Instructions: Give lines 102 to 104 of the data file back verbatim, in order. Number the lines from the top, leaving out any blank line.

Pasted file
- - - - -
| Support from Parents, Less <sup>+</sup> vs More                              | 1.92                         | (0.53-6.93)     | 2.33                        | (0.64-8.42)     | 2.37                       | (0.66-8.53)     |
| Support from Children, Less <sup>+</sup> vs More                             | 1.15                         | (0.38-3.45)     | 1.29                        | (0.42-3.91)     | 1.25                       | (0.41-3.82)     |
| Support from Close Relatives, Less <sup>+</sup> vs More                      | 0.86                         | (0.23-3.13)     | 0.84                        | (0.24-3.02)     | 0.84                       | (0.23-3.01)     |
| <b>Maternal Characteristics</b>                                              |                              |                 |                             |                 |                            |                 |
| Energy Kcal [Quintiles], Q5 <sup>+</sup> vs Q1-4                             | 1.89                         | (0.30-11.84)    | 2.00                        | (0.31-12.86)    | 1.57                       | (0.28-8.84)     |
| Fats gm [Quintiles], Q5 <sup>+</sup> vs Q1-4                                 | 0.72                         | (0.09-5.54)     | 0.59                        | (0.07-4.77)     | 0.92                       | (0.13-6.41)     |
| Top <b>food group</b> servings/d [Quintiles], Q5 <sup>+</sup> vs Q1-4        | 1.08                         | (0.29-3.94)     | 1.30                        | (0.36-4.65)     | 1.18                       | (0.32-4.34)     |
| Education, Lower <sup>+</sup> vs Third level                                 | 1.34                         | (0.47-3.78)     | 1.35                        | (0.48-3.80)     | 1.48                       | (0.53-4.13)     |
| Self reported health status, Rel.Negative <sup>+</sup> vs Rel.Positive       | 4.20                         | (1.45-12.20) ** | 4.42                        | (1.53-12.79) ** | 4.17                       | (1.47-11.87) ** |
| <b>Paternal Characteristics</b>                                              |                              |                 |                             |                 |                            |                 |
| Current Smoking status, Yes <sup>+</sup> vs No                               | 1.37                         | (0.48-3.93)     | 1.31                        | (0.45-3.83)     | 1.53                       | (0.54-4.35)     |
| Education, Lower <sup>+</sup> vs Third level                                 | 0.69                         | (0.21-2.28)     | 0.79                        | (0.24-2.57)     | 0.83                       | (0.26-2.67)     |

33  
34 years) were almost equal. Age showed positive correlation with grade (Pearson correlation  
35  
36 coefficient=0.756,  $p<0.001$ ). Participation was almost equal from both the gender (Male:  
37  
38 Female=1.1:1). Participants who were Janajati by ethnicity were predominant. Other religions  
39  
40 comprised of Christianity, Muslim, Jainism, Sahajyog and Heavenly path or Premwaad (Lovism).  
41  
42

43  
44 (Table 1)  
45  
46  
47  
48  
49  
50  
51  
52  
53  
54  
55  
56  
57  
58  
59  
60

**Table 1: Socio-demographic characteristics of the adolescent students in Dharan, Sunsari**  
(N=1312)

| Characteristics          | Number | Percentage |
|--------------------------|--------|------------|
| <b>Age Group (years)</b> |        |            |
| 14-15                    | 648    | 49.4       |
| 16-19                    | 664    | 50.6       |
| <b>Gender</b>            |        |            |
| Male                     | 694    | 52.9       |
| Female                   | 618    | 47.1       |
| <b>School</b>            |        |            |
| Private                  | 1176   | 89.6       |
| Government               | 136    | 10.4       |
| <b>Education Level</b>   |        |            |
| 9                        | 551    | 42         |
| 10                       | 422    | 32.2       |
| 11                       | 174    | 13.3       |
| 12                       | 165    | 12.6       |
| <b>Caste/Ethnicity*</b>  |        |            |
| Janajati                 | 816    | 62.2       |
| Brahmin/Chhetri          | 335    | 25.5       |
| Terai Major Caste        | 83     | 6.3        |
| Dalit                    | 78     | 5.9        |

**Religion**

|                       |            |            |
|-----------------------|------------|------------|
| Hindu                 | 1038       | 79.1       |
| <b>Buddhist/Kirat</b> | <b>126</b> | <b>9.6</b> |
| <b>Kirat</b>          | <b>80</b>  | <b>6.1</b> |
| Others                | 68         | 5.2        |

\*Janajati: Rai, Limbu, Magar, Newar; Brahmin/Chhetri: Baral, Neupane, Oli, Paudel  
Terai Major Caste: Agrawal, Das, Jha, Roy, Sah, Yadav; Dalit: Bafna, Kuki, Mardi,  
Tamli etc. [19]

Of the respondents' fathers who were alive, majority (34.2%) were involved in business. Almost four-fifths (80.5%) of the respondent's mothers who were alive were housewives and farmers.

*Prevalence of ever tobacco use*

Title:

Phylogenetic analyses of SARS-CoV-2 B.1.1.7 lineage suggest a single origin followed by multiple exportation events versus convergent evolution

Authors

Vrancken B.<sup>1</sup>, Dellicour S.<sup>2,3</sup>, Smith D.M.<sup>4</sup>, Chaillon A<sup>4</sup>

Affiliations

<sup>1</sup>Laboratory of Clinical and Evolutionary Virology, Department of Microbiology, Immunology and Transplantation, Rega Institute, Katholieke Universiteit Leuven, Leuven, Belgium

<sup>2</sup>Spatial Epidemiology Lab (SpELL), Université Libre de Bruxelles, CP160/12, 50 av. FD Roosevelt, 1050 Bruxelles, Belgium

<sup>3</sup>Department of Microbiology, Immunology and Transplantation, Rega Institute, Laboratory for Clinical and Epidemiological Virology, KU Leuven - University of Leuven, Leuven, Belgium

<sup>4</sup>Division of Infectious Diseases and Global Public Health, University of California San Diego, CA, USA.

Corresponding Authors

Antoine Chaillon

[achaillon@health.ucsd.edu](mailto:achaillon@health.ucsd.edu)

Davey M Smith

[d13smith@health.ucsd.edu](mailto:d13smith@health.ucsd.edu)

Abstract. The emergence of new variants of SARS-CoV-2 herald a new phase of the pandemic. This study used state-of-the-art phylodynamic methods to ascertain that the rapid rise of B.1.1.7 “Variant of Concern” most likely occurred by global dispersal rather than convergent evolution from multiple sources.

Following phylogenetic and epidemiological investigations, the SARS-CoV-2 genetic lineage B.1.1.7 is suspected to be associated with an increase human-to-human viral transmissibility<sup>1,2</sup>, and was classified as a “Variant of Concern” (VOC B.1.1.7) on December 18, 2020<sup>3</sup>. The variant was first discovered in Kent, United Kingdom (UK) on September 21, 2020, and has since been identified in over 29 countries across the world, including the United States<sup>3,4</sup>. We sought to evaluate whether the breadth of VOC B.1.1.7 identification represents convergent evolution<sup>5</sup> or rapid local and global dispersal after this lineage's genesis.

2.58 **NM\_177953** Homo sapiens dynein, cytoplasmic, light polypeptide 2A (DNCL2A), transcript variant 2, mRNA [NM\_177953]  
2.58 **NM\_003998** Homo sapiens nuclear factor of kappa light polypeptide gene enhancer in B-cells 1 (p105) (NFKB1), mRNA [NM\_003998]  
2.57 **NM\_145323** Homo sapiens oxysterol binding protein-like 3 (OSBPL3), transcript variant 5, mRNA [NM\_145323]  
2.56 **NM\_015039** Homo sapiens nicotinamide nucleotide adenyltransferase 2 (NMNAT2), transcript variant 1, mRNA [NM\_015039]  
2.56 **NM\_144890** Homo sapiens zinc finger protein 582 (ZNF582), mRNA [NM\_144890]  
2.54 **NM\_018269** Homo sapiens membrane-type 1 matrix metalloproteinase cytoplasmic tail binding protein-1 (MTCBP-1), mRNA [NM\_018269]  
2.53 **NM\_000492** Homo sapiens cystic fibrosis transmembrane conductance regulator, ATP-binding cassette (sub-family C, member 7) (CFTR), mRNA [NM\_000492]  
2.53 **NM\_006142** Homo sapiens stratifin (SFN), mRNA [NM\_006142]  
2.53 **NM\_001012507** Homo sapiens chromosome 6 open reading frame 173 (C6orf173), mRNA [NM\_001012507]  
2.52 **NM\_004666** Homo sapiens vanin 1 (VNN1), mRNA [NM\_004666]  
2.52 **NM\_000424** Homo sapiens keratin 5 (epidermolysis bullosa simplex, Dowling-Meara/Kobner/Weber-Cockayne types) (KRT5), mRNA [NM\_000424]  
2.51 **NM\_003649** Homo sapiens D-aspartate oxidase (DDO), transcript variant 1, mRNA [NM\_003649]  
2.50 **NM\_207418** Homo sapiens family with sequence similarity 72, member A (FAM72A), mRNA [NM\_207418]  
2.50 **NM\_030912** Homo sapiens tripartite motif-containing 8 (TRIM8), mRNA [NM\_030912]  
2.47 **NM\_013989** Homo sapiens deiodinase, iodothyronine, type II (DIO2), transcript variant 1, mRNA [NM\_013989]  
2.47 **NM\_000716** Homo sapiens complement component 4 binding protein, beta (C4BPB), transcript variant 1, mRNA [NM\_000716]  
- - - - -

2.52 **NM\_000424** Homo sapiens keratin 5 (epidermolysis bullosa simplex, Dowling-Meara/Kobner/Weber-Cockayne types) (KRT5), mRNA [NM\_000424]  
2.51 **NM\_003649** Homo sapiens D-aspartate oxidase (DDO), transcript variant 1, mRNA [NM\_003649]  
2.50 **NM\_207418** Homo sapiens family with sequence similarity 72, member A (FAM72A), mRNA [NM\_207418]  